Brothers and sisters in Christ, don’t just believe in resurrection – practice resurrection! Because in the end, that’s really what Easter is all about. Amen.


April 16th Lenten Devotion

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April 12th Lenten Devotion

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“It is a Beautiful Thing” 04.07.2019 Sermon

John 12:1-8 • April 7, 2019

Brothers and sisters in Christ, grace and peace to you from God our Father and our Lord and Savior Jesus the Christ. Amen.

If you are visiting Good Shepherd this weekend, please know that not all of our pastors can rock the color-wheel of hair like this. And be assured that this is only a temporary adjustment to what is normal. For three years now, I’ve changed my hair color dramatically in the spring which quickly follows with the shedding of this colorful masterpiece at an event called Brave the Shave. Come back next week to see what I’m talking about!

DONATE TO BRAVE THE SHAVE BY CLICKING HERE! 🙂

IMG_0480And to everyone who has supported my efforts and hundreds of other people’s efforts for this year’s Brave the Shave, I say thank you! This event, and other events like it this month in our community such as the Great American Bike Race, are a gift to our community.

They are ways in which we live out the extravagant love God has for us by loving others in our community with similar extravagance.

I’d like to highlight a few things about today’s extravagant gospel reading on this last Sunday in Lent.

It’s important to notice that this story of Mary washing Jesus is offered in all four gospels. Matthew, Mark, and Luke differ from John’s version – the head, not the feet; an unnamed woman rather than a woman named Mary who has a deep and loving relationship with Jesus.

In Mark’s version, Jesus praises the anointing as a “beautiful thing.”

I’ve always liked that image for this story.

Even though Mark is the only gospel that says that directly, I think they all share in the beauty of Mary’s expression of love toward Jesus. And so, Jesus might not be saying this directly in John’s gospel, but we can’t help read the text in any other way. When he says “Leave her alone.” he’s lifting up the beauty of what Mary has done for him.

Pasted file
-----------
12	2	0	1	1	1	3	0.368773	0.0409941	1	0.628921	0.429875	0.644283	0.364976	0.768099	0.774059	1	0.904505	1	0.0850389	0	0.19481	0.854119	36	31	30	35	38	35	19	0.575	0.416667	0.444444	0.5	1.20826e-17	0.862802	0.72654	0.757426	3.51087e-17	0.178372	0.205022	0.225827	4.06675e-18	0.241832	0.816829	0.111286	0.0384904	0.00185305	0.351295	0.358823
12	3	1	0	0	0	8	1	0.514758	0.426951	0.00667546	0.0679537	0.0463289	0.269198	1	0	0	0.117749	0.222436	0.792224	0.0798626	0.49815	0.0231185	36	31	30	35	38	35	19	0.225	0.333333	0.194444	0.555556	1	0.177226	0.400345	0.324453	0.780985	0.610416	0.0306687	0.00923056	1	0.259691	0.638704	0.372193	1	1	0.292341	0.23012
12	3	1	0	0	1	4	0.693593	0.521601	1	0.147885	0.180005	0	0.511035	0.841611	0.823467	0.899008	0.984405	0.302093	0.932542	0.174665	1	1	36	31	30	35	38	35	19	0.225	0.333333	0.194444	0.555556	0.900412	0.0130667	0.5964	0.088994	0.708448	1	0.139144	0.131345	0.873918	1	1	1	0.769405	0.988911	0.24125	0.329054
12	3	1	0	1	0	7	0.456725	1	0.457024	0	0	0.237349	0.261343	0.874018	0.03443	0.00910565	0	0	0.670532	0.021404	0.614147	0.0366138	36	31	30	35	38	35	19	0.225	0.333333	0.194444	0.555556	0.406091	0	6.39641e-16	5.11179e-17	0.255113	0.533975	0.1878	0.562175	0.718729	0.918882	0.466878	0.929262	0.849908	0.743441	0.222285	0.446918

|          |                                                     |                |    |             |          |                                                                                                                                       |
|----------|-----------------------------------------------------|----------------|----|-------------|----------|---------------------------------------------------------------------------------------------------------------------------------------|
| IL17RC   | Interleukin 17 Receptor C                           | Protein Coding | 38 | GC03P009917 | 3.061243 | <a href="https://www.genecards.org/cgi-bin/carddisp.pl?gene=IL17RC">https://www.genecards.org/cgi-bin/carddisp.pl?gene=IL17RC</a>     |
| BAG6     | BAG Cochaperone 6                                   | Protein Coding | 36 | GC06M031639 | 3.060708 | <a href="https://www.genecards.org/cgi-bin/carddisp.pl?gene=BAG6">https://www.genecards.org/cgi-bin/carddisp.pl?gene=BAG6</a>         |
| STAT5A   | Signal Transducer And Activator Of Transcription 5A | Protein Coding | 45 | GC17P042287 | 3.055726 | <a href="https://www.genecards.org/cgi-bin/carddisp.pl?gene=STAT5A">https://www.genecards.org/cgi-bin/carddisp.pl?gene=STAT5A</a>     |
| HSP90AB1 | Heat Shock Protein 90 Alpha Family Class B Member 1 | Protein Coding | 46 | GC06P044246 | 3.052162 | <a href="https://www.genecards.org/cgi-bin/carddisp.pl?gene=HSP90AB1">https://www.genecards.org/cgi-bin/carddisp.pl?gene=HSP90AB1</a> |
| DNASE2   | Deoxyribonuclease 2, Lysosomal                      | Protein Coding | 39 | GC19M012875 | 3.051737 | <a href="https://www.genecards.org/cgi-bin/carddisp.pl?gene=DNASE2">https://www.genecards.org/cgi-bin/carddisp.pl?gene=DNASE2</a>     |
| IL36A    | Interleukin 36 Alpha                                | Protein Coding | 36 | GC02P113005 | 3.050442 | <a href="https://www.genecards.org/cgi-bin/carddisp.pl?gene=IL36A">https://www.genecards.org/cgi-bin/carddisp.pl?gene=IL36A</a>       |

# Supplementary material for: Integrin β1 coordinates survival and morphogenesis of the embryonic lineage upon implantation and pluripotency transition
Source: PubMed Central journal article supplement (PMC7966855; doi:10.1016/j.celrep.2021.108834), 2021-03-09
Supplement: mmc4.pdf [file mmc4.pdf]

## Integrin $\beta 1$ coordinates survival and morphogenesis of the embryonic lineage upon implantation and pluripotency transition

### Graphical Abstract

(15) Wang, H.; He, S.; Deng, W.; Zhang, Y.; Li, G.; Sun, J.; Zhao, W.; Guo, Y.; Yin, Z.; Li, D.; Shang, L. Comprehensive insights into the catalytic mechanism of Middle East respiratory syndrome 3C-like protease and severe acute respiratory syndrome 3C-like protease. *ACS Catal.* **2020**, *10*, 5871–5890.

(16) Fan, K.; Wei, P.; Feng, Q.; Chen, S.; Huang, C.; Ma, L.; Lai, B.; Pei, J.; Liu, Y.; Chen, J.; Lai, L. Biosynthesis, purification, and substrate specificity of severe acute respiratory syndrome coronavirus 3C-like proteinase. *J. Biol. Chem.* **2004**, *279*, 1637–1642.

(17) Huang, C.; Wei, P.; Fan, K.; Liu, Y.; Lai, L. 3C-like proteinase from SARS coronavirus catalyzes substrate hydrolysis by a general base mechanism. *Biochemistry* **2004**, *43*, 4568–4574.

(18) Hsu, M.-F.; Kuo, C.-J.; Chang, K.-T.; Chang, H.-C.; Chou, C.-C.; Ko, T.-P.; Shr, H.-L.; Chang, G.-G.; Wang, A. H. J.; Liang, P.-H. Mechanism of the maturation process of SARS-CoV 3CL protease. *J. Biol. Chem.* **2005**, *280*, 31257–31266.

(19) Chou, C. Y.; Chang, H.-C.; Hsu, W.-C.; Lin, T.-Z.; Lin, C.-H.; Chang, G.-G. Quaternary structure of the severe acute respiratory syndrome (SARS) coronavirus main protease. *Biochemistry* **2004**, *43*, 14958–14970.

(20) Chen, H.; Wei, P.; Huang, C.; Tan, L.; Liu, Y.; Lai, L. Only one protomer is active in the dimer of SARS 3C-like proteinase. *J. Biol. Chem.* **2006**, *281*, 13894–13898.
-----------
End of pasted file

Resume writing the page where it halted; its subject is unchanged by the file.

This is a beautiful thing that she has done for Jesus.

And so, yes, the story might be a little different in each gospel, but I think the message is the same. And it is a beautiful thing.

In the gospel of Saint John, Mary’s act of discipleship in the 12th chapter sets the stage for Jesus’ washing of the disciples’ feet in the 13th chapter.

Both events of washing and anointing take place in a private home, not a large public space. As far as we know, there were no pictures of these events posted to Instagram and Twitter.

Both events of washing and anointing involve a meal. A meal served by Martha in today’s gospel and a meal the disciples will celebrate on a day in Holy Week that we now know as Maundy Thursday. A meal we remember as the Last Supper. A meal that is one of the reasons why the sacrament of Holy Communion is central to our faith.

Image result for baptism anointing with oilBoth events have people who don’t like all of this washing and anointing going on. Judas complaining about the wasteful use of expensive perfume in today’s story. Peter insists that he be the one to wash feet, not Jesus as the story is told in chapter 13.
Both events, point us to future events that will soon unfold. Events that will change the world forever.

One theologian reminded me this week that “God loves to do the unexpected with, for, and through unexpected people.” [Rev. Dr. David Lose, www.davidlose.net/2016/03/lent-5-c-the-unexpected-god/]

It’s a statement that can serve to ground us in our gospel reading this week. God loves to do the unexpected with, for, and through unexpected people.